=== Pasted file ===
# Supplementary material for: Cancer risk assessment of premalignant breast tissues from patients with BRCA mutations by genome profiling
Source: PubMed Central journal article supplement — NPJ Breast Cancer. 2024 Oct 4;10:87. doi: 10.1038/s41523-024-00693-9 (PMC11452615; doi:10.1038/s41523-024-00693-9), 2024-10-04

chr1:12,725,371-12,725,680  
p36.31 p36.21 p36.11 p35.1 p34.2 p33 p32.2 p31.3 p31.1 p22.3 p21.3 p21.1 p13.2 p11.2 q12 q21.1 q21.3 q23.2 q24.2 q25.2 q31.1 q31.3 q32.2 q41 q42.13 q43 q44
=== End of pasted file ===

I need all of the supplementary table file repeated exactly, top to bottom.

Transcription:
# Supplementary material for: Cancer risk assessment of premalignant breast tissues from patients with BRCA mutations by genome profiling
Source: PubMed Central journal article supplement — NPJ Breast Cancer. 2024 Oct 4;10:87. doi: 10.1038/s41523-024-00693-9 (PMC11452615; doi:10.1038/s41523-024-00693-9), 2024-10-04

chr1:12,725,371-12,725,680  
p36.31 p36.21 p36.11 p35.1 p34.2 p33 p32.2 p31.3 p31.1 p22.3 p21.3 p21.1 p13.2 p11.2 q12 q21.1 q21.3 q23.2 q24.2 q25.2 q31.1 q31.3 q32.2 q41 q42.13 q43 q44